The concept of a gear train is a rather simple one: there are two wheels with teeth on them that when connected can be used to drive or move a machine of some kind. The motion is controlled by driving one of the gears, usually the smaller of the two, which will cause the larger gear to move along with it. The teeth on the gears are designed with a specific pitch that prevents them from getting stuck together while still rolling together without slipping. If the gears are designed correctly, then the result will be a smooth transmission of rotation from the drive gear to the larger gear.
While the gear certainly doesn’t date back as far as the wheel, it is one of the earliest mechanical systems designed by man. There are examples of ancient geared mechanisms dating back as far as the 300 BC throughout Asia and 100 BC in ancient Greece. However the technology wasn’t widely used until much later when primitive gears were used to drive water mills or to grind grain. Of course more complex version of a reduction gear train can be found in geared bicycles, automobile transmissions, farming equipment and even the smaller versions used in watches.
When maker and Thingiverse user ManWithoutOptions decided to build his own peristaltic pump he needed something to drive the water through the device. Of course there are plenty of small, inexpensive, low torque motors that have reduction gears built into them, but he decided to see if he could do it himself. He initially checked Thingiverse to see if there were any reduction gears available, but he found that they need to produce too much internal friction, which would make them impossible to be driven by the small toy DC motor that he wanted to use. But he took inspiration from their designs and tweaked them until he came up with a gear design that worked perfectly with his little motor.
“I am in the process of building a peristaltic pump. I need a workforce source with sufficient torque to drive the water. I could use a 10 dollar motor with reduction gear built in…but I have a 3d printer so why not DIY. It only take 12 hours in one go to print all the parts and 5mins to assemble. Reduction gear is what make these useless cheap toy motor like these into actual workforce,” he explained.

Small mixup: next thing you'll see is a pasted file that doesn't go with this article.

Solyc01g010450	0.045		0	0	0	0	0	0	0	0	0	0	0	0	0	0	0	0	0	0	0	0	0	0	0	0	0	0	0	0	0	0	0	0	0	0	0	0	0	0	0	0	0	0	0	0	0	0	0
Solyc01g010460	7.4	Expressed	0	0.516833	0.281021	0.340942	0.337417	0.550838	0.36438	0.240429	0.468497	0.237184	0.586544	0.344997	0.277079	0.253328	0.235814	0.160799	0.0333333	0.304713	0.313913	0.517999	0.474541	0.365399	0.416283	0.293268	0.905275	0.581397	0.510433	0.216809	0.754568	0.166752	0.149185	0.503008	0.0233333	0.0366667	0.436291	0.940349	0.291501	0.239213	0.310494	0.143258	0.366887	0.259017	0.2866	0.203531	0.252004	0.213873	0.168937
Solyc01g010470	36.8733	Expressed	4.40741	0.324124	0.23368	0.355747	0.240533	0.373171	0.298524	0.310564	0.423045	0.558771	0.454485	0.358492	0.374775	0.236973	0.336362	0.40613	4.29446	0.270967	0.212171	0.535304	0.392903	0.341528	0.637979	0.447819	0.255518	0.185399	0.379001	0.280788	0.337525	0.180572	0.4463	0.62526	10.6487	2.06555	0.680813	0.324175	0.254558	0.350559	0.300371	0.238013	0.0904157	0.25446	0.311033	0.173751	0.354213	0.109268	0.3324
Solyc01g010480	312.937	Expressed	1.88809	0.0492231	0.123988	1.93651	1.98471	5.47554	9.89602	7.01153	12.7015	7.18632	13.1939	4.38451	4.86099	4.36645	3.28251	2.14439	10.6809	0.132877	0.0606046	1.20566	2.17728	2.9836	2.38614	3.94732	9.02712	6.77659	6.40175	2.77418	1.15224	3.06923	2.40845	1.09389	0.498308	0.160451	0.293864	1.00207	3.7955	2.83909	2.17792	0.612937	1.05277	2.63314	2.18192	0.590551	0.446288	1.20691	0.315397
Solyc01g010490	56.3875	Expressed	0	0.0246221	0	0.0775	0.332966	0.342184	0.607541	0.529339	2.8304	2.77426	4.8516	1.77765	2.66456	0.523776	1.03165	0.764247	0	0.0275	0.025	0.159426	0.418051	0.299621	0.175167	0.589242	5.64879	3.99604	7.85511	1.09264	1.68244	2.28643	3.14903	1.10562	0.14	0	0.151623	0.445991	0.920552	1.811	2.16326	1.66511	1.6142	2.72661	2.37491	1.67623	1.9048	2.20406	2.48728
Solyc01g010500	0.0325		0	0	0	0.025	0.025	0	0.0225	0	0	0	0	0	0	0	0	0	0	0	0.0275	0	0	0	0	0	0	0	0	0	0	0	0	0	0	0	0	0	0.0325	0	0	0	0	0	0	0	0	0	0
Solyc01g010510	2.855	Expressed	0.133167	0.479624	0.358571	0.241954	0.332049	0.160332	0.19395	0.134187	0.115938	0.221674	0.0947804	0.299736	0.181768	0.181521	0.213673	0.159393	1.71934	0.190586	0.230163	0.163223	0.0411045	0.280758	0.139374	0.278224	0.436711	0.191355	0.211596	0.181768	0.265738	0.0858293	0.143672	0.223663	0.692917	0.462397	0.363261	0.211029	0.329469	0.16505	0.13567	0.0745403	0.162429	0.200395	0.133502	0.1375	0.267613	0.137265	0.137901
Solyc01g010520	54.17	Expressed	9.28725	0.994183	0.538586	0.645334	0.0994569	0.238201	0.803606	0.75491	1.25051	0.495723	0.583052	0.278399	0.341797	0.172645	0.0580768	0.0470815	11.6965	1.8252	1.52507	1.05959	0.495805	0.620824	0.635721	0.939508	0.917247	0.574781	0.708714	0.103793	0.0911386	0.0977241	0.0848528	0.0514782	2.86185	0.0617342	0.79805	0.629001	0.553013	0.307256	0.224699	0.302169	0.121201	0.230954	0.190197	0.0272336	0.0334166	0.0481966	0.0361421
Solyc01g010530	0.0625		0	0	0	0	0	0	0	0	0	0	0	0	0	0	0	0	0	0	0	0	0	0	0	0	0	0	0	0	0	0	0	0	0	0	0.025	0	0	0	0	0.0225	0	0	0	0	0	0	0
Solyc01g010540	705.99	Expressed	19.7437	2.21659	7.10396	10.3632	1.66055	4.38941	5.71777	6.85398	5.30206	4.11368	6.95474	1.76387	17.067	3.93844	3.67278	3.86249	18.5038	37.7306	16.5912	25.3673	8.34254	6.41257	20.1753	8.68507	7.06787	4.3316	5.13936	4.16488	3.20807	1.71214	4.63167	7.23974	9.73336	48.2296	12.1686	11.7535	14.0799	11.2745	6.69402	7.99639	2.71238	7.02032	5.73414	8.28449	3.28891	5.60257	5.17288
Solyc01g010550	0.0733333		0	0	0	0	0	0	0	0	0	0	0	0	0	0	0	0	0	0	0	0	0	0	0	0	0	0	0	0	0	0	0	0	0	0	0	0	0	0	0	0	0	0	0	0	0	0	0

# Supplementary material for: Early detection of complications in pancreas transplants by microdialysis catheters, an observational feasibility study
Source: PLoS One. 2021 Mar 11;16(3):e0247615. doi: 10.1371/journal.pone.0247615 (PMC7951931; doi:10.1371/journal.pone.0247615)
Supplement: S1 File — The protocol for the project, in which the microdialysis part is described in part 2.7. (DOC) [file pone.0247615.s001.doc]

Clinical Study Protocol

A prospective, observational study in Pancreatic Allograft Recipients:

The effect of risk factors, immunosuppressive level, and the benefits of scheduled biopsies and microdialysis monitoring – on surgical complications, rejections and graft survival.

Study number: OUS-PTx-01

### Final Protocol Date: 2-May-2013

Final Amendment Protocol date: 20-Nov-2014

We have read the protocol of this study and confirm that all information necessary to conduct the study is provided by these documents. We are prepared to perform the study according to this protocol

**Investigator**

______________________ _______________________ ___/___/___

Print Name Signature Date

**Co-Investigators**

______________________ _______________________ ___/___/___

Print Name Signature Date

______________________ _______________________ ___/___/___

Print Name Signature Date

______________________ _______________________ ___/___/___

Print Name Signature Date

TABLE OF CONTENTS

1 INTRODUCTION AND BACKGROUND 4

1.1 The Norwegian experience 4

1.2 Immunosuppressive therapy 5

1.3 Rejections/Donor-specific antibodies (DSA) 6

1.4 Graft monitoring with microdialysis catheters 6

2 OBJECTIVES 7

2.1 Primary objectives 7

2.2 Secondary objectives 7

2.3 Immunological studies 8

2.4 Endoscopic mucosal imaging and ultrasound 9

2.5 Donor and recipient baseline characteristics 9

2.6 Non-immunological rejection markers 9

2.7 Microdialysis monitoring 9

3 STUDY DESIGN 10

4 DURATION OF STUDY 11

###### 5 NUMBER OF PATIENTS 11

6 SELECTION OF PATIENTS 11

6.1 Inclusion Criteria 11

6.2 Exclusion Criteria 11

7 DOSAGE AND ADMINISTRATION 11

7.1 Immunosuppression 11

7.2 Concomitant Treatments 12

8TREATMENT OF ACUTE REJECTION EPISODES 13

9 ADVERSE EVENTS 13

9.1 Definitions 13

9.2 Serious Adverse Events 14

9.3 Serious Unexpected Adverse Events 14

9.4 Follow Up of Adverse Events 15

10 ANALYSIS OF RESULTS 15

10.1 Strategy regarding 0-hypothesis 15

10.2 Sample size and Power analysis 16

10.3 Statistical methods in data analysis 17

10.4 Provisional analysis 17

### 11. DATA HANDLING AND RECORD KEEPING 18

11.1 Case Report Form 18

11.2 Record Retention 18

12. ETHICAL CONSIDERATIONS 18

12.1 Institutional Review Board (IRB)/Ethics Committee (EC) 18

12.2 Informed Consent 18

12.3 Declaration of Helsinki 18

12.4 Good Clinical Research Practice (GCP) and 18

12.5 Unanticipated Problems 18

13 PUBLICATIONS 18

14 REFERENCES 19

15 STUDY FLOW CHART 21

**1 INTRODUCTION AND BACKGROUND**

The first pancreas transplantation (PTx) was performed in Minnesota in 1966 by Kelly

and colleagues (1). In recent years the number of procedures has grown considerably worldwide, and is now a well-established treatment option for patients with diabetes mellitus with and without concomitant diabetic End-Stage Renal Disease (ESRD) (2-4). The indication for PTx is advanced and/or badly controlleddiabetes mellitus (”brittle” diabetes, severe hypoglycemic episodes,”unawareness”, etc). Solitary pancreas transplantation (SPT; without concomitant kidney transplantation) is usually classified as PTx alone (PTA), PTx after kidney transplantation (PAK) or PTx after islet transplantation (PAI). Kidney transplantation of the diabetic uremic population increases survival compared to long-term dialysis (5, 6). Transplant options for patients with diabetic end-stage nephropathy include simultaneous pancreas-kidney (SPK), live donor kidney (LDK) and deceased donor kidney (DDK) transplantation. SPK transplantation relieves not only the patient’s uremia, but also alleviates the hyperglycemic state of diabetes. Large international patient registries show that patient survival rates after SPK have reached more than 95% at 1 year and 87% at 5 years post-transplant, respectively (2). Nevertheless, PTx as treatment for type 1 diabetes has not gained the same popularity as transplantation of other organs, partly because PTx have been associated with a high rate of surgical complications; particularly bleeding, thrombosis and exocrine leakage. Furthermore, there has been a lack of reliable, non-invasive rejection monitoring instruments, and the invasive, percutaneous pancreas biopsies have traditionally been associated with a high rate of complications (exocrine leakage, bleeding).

According to ManWithoutOptions all of the parts for the reduction gear train that he created took him about twelve hours to print. All of the parts needed to be filed and smoothed so the gears would fit together well enough to rotate without the surface texture providing resistance. By necessity the top plate and the output axle was designed as a very tight fit, so ManWithoutOptions suggests that they be given special attention when filing and smoothing. But once the gears were smoothed out the actual assembly only took him about five minutes. In order for the gears to move correctly without getting stuck, or worse melting and deforming the plastic, all of the parts need to be heavily lubricated.
All of the 3D models already have support structures built into them, so there shouldn’t need to be any additional supports generated for them. ManWithoutOptions suggests that the maximum layer height used to 3D print the parts is 0.2mm, however he 3D printed his parts with a 0.1mm resolution. The parts should be 3D printable on just about any brand 3D printer, however ManWithoutOptions used his Ultimaker 2. Obviously don’t try to 3D print the “Entire Assembly” STL file included on the reduction gear Thing page, as it is simply for reference and will not print correctly.
You can take a look at ManWithoutOptions using his small DC motor to run his reduction gear here:
While this probably isn’t going to be the best option for running a device that needs a geared motor, it is still a great project for anyone interested in learning how a geared motor works. It would be ideal for school environments, or just a maker looking to experiment. You can find out more about ManWithoutOptions’ project by checking out the assembly and printing instructions over on Thingiverse, or reading through his post on Reddit. Discuss in the 3D Printed Reduction Gear forum over at 3DPB.com.